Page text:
Proverbially, your home is your castle; in the case of a home like 146 Castenada Avenue, the resemblance is much more robust than mere proverbs might suggest.
This four bed, three bath Tudor home circa 1929, with its deeply classy rust-red exterior, listed with Compass on Friday for a kingly $3.79 million, up considerably from the $925,000 it fetched last time it sold in the halcyon age of 1999.
The Tudor style is not the most prevalent in San Francisco, but the Tudors that are here rarely fail to make a statement.
Tudor homes in SF should properly be called “Tudor Revivals”; original Tudor architecture dates to the late medieval and early renaissance periods in Europe, designer Steven Gambrel writes, noted for their towering edifices, asymmetrical layouts, sharply peaked roofs, and relatively small windows.
During the late 19th and early 20th centuries, this vaguely castle-like motif came back into fashion, this time producing smaller middle class homes that chased after the grandeur of those old European monuments.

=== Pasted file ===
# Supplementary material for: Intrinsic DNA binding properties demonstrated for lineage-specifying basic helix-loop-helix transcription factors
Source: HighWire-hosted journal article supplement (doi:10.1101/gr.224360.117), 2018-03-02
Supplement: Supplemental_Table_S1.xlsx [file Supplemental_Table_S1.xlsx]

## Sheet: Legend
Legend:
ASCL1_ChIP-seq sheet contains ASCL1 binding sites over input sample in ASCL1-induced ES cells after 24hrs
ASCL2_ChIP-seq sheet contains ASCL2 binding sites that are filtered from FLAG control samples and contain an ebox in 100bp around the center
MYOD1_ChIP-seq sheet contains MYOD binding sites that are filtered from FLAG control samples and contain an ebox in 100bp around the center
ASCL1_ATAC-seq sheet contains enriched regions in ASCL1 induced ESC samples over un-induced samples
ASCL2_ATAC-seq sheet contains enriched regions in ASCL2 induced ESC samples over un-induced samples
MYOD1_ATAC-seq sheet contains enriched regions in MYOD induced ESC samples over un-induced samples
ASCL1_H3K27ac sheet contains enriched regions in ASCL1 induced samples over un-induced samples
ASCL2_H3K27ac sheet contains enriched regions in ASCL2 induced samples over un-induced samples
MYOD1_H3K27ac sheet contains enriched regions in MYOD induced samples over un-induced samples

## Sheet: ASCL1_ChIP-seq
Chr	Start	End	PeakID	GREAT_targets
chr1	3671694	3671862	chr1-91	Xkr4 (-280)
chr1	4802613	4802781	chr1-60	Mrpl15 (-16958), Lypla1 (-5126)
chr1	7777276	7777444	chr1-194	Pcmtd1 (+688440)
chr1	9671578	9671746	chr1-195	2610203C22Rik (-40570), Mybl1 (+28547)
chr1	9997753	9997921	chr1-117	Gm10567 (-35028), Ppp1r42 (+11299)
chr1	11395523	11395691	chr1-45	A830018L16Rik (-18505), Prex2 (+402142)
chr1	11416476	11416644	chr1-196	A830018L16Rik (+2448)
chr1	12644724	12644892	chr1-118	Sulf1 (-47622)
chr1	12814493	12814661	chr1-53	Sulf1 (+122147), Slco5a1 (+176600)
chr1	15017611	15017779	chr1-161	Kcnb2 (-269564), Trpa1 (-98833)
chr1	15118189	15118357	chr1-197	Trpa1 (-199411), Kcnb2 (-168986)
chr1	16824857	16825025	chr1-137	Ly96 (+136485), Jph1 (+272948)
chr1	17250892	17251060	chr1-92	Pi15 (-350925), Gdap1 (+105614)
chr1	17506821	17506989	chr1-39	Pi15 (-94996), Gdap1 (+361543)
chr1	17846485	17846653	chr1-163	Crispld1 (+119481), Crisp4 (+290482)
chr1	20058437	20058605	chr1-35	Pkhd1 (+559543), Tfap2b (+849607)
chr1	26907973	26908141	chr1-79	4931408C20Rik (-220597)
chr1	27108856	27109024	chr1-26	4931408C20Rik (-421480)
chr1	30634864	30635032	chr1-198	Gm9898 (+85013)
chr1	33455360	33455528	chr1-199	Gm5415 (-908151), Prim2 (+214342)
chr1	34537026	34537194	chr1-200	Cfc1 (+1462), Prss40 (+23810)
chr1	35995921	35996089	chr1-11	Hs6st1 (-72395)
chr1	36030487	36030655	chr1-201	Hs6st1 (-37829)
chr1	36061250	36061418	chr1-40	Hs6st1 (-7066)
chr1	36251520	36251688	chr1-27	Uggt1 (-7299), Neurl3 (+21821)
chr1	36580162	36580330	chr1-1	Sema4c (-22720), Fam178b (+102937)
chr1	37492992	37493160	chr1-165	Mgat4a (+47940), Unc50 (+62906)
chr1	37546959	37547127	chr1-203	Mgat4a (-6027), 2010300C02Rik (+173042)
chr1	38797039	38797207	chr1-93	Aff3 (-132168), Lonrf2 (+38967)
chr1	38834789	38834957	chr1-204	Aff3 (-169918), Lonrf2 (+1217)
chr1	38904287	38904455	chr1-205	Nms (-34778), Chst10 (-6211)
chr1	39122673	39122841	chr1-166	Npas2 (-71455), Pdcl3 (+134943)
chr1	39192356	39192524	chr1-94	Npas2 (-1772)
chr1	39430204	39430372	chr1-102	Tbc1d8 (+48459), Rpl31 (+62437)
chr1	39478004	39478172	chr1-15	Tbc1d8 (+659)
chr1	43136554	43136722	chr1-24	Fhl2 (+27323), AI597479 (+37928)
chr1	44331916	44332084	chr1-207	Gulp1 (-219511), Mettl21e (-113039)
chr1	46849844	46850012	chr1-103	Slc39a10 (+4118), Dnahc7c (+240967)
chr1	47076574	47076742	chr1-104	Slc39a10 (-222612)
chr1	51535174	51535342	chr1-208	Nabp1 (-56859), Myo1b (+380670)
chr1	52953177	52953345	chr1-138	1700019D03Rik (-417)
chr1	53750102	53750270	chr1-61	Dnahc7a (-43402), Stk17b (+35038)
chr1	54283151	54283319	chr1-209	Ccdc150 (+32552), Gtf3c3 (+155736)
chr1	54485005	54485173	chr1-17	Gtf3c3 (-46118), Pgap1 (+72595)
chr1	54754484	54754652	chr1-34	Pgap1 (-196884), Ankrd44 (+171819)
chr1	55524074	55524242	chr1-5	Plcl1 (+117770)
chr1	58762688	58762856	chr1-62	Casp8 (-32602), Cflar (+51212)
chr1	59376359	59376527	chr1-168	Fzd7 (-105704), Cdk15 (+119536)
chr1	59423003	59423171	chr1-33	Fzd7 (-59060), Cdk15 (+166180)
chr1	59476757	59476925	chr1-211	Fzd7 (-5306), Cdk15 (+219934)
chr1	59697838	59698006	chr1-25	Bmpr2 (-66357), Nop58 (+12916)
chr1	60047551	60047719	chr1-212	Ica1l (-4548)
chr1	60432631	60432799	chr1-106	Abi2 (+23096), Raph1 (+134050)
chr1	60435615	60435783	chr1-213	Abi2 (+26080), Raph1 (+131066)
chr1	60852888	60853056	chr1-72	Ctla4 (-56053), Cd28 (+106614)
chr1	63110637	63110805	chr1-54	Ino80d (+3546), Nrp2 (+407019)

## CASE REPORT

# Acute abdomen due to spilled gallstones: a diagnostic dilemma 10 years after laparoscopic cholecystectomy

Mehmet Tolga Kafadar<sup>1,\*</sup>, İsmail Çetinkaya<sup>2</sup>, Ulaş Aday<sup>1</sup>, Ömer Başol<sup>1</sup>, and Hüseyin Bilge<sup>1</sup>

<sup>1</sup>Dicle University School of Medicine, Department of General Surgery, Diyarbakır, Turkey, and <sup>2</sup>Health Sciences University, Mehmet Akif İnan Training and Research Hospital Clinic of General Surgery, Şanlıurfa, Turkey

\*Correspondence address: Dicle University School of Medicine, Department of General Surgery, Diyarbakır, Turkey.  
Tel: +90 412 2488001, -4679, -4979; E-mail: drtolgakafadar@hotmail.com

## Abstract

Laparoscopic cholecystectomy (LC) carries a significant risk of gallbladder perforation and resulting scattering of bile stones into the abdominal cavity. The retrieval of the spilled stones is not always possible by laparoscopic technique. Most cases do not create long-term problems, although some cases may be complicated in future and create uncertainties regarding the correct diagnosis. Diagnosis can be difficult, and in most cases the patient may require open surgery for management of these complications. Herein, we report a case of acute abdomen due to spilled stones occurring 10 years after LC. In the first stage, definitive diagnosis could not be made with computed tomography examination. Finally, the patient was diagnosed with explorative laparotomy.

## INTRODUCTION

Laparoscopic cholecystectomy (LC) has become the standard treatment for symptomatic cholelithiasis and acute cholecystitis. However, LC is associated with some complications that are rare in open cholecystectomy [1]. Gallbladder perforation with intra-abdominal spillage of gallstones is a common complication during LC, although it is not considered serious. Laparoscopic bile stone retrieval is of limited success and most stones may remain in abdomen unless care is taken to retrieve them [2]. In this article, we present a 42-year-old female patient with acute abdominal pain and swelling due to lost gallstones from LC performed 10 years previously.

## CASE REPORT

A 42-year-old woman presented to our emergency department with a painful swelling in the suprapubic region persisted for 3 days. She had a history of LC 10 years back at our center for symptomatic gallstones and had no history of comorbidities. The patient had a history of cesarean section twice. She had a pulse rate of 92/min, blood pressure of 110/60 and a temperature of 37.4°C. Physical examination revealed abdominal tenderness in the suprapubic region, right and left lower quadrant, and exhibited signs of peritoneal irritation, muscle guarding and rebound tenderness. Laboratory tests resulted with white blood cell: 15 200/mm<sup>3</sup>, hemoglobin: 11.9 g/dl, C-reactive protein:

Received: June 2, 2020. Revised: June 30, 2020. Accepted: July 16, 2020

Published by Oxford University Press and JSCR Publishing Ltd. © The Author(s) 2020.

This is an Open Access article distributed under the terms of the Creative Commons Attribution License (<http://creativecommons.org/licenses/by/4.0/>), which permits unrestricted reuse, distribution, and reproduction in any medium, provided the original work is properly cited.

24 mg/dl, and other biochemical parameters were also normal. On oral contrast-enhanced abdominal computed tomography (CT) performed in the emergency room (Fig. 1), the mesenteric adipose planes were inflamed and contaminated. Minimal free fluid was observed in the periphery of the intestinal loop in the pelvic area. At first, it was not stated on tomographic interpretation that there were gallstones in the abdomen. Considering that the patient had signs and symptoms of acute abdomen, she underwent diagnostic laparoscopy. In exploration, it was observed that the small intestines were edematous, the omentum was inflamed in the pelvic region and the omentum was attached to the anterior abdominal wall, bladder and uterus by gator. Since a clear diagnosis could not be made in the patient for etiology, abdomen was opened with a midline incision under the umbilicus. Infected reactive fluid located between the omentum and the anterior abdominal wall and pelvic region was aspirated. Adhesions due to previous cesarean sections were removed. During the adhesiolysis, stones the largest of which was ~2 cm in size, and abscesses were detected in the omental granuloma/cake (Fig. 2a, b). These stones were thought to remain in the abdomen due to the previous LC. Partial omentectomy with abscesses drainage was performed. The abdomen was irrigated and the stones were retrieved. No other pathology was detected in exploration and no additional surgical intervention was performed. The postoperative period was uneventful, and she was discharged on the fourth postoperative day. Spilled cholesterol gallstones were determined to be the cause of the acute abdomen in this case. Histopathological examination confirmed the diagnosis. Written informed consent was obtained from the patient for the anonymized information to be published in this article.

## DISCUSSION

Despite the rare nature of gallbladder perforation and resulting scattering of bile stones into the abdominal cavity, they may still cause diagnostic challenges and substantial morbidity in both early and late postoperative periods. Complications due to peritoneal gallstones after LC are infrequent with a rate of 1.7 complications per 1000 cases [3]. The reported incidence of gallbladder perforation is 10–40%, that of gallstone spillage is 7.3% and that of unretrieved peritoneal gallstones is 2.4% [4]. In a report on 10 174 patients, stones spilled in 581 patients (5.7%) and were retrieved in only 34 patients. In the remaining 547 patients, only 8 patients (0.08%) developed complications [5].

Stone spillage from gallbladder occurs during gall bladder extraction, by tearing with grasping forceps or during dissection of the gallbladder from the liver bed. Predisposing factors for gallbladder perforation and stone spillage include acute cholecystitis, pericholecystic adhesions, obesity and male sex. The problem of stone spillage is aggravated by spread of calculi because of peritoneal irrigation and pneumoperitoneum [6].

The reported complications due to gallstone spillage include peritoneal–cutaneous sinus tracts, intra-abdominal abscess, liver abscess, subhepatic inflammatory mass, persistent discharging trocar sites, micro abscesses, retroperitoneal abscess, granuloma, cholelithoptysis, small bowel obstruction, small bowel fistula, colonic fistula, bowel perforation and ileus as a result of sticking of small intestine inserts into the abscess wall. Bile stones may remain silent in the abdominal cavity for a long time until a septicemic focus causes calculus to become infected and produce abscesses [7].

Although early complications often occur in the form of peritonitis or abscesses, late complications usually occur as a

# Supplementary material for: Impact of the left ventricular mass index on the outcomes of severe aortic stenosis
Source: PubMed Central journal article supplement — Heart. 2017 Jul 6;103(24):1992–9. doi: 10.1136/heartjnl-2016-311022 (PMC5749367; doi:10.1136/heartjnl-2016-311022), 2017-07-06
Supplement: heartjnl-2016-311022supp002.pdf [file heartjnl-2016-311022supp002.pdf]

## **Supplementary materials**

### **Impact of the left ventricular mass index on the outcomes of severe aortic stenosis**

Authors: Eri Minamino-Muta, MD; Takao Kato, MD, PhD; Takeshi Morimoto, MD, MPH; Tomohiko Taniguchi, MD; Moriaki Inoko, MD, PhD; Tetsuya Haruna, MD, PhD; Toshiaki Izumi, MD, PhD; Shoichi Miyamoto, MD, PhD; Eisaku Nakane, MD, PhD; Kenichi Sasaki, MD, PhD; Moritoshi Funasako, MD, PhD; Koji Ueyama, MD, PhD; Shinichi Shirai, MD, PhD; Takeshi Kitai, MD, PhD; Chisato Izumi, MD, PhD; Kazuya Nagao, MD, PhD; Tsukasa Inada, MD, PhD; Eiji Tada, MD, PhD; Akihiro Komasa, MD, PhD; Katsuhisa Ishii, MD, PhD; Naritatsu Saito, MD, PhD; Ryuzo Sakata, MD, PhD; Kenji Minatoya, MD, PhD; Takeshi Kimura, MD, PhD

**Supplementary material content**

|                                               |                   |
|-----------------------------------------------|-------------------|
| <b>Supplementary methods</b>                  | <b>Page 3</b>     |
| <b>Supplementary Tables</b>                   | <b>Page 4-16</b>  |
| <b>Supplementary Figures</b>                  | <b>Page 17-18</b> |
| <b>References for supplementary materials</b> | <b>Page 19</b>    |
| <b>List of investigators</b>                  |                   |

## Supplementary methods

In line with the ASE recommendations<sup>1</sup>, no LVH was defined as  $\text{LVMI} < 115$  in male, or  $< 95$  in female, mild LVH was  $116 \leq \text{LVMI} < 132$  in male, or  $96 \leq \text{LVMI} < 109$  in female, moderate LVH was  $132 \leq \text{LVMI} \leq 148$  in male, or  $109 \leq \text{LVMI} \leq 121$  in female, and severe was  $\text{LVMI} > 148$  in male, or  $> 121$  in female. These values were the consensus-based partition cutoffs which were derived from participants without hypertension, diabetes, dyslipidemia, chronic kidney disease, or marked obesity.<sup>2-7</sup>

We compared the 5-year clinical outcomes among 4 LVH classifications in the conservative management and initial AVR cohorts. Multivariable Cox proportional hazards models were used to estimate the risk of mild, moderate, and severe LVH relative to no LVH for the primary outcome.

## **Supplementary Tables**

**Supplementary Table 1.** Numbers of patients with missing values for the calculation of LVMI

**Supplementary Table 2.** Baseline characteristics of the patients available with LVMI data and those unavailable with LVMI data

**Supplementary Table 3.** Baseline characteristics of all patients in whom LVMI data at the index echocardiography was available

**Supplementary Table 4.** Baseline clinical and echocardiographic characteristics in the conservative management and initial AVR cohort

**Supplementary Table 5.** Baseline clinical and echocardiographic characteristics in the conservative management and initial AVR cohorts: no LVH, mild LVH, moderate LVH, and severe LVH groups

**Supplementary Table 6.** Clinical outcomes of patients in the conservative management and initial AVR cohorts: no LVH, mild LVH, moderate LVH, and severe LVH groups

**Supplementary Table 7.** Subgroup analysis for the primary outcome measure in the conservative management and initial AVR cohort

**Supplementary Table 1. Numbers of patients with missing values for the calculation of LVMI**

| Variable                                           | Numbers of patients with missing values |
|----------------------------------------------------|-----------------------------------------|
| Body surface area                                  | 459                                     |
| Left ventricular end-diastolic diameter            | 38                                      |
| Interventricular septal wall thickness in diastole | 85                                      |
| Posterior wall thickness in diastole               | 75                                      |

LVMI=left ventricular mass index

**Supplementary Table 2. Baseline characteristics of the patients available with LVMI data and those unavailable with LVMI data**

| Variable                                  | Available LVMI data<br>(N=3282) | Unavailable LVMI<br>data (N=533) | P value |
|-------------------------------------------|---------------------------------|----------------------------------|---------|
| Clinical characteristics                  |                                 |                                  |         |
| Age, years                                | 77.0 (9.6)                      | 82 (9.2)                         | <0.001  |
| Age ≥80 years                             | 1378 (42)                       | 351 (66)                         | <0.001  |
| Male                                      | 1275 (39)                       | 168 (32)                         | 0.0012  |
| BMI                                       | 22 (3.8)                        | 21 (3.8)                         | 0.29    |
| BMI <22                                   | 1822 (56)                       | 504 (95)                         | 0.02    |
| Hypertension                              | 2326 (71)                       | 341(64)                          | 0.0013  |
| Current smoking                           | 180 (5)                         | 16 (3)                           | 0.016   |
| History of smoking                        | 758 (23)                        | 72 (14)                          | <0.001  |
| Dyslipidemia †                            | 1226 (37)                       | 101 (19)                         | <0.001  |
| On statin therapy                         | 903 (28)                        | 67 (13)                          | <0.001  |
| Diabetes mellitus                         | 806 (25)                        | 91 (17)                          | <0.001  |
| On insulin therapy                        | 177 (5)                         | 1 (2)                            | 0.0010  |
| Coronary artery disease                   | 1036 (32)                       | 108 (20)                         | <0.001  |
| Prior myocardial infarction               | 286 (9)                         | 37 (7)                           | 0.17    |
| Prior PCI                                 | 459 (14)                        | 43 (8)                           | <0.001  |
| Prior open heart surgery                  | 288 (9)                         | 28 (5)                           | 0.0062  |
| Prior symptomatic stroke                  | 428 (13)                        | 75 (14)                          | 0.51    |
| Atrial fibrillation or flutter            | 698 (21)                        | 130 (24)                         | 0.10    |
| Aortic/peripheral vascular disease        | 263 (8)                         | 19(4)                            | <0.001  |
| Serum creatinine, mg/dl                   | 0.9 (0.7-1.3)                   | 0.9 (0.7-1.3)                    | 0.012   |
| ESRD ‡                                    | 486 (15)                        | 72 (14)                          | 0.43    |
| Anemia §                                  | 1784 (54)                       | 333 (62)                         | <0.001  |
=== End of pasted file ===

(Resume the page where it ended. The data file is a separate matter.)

It was actually American architects and homebuyers who drove the revival, according to architect Peter Pennoyer, coveting the appeal of old English domestic architecture. They were most popular in the northeast, which shares certain weather patterns with England and makes the sloped roofs and weather-resistant stonework more practical.
San Francisco is by comparison mild, but we too sport a deceptively cool and damp climate, so such homes fit in here as well, the spectacular Roos House perhaps being the most prominent example.
SF realtor Missy Wyant Smit writes that post-World War II patriotism killed the Tudor market most places, as American Colonial revival homes came into style instead. The Colonial look didn’t catch on in San Francisco the way it did some other cities, but here there was a move toward mass-produced homes that didn’t have time for the overwhelming ornateness of the Tudor legacy.
But at least the fad left us with some real prizes like 146 Castenada to tide us over into another century; you can’t turn back time, but at least you can own a piece of history–if your pockets are deep enough, that is.
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